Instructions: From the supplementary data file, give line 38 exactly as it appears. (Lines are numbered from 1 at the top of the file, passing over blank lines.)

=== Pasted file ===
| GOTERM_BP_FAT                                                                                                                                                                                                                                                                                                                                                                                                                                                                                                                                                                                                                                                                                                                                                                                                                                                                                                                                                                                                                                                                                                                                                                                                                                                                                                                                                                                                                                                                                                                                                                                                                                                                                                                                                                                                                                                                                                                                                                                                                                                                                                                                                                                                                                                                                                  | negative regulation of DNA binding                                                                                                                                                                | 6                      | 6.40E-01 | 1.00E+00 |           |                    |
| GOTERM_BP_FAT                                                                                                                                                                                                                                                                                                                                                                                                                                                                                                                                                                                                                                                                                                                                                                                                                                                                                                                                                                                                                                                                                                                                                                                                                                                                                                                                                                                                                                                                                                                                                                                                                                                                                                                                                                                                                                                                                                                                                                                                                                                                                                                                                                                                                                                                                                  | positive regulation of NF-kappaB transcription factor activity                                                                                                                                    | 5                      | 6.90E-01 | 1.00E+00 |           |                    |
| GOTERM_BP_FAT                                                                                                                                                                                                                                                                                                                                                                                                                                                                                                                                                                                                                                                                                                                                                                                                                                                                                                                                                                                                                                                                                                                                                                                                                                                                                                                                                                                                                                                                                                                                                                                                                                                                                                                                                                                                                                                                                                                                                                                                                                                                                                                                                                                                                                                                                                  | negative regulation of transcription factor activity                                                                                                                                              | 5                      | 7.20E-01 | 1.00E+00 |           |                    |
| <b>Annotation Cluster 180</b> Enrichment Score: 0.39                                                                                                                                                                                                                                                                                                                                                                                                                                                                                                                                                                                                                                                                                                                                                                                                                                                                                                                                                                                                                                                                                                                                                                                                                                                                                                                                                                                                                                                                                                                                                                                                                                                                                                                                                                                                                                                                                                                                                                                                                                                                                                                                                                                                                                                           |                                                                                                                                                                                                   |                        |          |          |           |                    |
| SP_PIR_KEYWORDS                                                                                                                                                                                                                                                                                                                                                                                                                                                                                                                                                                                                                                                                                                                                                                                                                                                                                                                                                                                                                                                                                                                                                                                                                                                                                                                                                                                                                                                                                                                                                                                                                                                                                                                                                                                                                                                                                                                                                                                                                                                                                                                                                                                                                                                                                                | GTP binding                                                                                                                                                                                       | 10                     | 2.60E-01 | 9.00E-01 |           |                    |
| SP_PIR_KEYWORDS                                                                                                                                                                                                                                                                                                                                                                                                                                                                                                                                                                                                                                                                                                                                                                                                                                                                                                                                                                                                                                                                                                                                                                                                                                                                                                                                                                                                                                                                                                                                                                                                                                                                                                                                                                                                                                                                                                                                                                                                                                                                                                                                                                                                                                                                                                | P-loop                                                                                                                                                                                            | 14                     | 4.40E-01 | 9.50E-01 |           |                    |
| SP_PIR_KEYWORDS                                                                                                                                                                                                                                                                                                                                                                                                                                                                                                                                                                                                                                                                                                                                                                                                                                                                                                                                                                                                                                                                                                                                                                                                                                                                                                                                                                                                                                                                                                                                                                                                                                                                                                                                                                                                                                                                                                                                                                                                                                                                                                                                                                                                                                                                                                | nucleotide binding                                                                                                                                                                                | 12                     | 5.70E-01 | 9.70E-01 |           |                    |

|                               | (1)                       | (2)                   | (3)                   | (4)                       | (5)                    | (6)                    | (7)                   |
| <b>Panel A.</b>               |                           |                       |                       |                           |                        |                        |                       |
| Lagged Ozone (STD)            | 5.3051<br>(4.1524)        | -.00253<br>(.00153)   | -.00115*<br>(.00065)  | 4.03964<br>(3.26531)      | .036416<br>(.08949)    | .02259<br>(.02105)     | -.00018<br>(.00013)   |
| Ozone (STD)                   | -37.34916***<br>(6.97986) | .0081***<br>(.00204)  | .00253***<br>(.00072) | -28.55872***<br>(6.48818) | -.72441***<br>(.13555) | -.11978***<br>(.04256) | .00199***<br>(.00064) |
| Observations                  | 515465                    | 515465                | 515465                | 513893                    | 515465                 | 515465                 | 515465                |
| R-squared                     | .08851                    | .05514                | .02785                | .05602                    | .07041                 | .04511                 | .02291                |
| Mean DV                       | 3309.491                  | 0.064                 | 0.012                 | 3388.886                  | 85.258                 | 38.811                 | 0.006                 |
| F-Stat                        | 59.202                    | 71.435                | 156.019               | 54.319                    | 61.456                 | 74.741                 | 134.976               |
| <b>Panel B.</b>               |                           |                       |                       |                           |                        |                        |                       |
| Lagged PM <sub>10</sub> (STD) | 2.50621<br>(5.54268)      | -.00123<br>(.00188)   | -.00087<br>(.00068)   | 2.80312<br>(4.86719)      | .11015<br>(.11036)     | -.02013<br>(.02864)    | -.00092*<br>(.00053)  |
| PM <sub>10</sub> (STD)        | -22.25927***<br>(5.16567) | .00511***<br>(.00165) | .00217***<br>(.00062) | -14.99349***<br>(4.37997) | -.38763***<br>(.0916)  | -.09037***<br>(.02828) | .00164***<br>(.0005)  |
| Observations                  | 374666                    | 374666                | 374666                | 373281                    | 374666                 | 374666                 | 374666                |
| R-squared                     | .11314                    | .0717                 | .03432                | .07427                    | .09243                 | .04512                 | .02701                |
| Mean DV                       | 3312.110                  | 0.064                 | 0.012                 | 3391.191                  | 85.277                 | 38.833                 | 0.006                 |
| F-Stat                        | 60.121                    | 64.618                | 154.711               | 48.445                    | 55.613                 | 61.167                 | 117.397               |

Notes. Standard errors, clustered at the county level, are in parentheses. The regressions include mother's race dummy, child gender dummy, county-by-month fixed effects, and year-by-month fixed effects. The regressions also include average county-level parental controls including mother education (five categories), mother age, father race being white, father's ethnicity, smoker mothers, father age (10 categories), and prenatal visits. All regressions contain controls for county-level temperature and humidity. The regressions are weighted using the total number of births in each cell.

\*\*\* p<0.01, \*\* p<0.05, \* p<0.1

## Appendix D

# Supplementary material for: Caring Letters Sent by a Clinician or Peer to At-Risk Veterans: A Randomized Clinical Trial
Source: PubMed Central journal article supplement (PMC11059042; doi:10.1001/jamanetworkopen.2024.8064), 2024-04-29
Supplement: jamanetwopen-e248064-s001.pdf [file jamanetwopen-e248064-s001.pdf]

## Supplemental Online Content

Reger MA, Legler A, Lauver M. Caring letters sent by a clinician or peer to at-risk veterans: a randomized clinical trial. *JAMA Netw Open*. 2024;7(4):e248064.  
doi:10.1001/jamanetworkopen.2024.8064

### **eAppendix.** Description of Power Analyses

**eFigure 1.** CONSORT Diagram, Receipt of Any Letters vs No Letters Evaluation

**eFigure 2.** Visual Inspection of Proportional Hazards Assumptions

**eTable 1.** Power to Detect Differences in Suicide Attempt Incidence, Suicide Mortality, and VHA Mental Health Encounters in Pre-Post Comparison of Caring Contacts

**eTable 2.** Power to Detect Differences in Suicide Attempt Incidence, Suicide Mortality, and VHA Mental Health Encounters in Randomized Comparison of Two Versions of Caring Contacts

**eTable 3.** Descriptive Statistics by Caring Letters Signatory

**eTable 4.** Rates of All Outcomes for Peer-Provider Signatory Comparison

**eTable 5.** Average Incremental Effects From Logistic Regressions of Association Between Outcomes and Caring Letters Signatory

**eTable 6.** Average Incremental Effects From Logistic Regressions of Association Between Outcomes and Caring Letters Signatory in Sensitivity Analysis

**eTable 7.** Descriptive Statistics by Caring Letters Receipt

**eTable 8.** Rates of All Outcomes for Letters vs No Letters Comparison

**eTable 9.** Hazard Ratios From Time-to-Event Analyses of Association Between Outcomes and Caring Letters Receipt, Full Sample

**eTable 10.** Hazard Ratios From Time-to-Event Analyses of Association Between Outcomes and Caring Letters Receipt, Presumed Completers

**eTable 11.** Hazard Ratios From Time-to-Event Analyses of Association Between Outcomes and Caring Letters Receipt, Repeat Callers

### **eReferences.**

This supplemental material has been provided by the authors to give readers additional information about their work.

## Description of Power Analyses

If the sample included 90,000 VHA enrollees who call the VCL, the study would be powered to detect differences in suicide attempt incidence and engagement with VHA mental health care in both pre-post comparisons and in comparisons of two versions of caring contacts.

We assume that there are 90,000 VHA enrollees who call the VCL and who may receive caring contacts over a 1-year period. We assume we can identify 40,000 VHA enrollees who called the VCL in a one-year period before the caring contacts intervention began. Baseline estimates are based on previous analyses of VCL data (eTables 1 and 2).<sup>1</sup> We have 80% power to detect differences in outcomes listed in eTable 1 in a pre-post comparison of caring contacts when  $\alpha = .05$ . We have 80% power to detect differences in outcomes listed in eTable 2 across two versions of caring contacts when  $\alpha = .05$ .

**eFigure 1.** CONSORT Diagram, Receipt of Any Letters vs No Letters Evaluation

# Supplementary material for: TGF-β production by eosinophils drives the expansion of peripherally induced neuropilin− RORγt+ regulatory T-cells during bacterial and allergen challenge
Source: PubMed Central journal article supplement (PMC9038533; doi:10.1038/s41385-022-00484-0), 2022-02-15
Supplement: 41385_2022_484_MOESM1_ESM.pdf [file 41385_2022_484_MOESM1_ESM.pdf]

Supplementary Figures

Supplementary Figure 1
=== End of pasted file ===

**eTable 4.** Rates of All Outcomes for Peer-Provider Signatory Comparison